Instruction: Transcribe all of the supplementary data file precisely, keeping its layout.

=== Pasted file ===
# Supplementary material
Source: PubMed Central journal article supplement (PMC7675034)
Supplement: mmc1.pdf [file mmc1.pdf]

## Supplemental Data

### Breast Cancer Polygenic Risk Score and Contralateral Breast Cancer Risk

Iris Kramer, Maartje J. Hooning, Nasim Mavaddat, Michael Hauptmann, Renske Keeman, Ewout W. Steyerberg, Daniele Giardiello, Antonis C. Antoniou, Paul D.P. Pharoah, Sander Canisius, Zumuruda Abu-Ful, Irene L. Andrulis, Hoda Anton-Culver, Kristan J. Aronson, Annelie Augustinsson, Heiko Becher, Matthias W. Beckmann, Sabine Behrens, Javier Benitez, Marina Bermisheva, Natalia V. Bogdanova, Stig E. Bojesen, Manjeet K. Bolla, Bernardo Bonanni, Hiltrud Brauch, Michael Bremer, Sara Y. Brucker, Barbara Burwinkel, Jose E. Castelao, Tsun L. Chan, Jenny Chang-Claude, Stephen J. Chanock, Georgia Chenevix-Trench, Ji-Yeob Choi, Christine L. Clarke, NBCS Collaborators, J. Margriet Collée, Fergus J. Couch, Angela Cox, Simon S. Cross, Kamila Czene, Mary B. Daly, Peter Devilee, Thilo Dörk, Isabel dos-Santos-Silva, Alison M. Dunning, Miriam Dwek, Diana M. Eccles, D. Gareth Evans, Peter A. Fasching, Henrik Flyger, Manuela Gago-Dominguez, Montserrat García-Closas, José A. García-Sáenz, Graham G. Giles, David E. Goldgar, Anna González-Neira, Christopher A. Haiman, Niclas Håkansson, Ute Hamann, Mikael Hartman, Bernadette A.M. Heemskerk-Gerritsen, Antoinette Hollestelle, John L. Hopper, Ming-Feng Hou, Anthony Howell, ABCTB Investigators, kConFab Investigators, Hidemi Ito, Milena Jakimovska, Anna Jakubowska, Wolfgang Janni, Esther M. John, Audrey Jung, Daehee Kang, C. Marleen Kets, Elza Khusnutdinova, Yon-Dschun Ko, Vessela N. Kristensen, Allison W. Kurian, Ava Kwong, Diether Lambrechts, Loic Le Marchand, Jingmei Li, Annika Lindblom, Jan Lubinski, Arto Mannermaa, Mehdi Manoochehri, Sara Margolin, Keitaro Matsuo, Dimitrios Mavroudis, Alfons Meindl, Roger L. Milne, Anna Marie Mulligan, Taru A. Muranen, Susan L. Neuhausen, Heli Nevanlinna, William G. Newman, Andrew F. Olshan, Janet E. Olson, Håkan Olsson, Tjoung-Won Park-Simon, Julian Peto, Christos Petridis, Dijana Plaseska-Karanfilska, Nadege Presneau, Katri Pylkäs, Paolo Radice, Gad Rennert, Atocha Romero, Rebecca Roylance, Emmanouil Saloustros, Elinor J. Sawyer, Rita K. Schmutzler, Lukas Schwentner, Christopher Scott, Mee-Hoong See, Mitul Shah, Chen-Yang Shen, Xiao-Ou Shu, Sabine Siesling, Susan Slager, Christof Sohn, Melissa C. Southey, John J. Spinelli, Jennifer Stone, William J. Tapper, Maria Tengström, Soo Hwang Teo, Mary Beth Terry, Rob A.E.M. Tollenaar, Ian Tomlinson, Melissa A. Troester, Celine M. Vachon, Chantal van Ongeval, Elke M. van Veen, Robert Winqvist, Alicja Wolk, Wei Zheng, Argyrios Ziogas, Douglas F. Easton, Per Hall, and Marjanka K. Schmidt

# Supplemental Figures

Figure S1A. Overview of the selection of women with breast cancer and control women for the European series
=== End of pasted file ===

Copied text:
# Supplementary material
Source: PubMed Central journal article supplement (PMC7675034)
Supplement: mmc1.pdf [file mmc1.pdf]

## Supplemental Data

### Breast Cancer Polygenic Risk Score and Contralateral Breast Cancer Risk

Iris Kramer, Maartje J. Hooning, Nasim Mavaddat, Michael Hauptmann, Renske Keeman, Ewout W. Steyerberg, Daniele Giardiello, Antonis C. Antoniou, Paul D.P. Pharoah, Sander Canisius, Zumuruda Abu-Ful, Irene L. Andrulis, Hoda Anton-Culver, Kristan J. Aronson, Annelie Augustinsson, Heiko Becher, Matthias W. Beckmann, Sabine Behrens, Javier Benitez, Marina Bermisheva, Natalia V. Bogdanova, Stig E. Bojesen, Manjeet K. Bolla, Bernardo Bonanni, Hiltrud Brauch, Michael Bremer, Sara Y. Brucker, Barbara Burwinkel, Jose E. Castelao, Tsun L. Chan, Jenny Chang-Claude, Stephen J. Chanock, Georgia Chenevix-Trench, Ji-Yeob Choi, Christine L. Clarke, NBCS Collaborators, J. Margriet Collée, Fergus J. Couch, Angela Cox, Simon S. Cross, Kamila Czene, Mary B. Daly, Peter Devilee, Thilo Dörk, Isabel dos-Santos-Silva, Alison M. Dunning, Miriam Dwek, Diana M. Eccles, D. Gareth Evans, Peter A. Fasching, Henrik Flyger, Manuela Gago-Dominguez, Montserrat García-Closas, José A. García-Sáenz, Graham G. Giles, David E. Goldgar, Anna González-Neira, Christopher A. Haiman, Niclas Håkansson, Ute Hamann, Mikael Hartman, Bernadette A.M. Heemskerk-Gerritsen, Antoinette Hollestelle, John L. Hopper, Ming-Feng Hou, Anthony Howell, ABCTB Investigators, kConFab Investigators, Hidemi Ito, Milena Jakimovska, Anna Jakubowska, Wolfgang Janni, Esther M. John, Audrey Jung, Daehee Kang, C. Marleen Kets, Elza Khusnutdinova, Yon-Dschun Ko, Vessela N. Kristensen, Allison W. Kurian, Ava Kwong, Diether Lambrechts, Loic Le Marchand, Jingmei Li, Annika Lindblom, Jan Lubinski, Arto Mannermaa, Mehdi Manoochehri, Sara Margolin, Keitaro Matsuo, Dimitrios Mavroudis, Alfons Meindl, Roger L. Milne, Anna Marie Mulligan, Taru A. Muranen, Susan L. Neuhausen, Heli Nevanlinna, William G. Newman, Andrew F. Olshan, Janet E. Olson, Håkan Olsson, Tjoung-Won Park-Simon, Julian Peto, Christos Petridis, Dijana Plaseska-Karanfilska, Nadege Presneau, Katri Pylkäs, Paolo Radice, Gad Rennert, Atocha Romero, Rebecca Roylance, Emmanouil Saloustros, Elinor J. Sawyer, Rita K. Schmutzler, Lukas Schwentner, Christopher Scott, Mee-Hoong See, Mitul Shah, Chen-Yang Shen, Xiao-Ou Shu, Sabine Siesling, Susan Slager, Christof Sohn, Melissa C. Southey, John J. Spinelli, Jennifer Stone, William J. Tapper, Maria Tengström, Soo Hwang Teo, Mary Beth Terry, Rob A.E.M. Tollenaar, Ian Tomlinson, Melissa A. Troester, Celine M. Vachon, Chantal van Ongeval, Elke M. van Veen, Robert Winqvist, Alicja Wolk, Wei Zheng, Argyrios Ziogas, Douglas F. Easton, Per Hall, and Marjanka K. Schmidt

# Supplemental Figures

Figure S1A. Overview of the selection of women with breast cancer and control women for the European series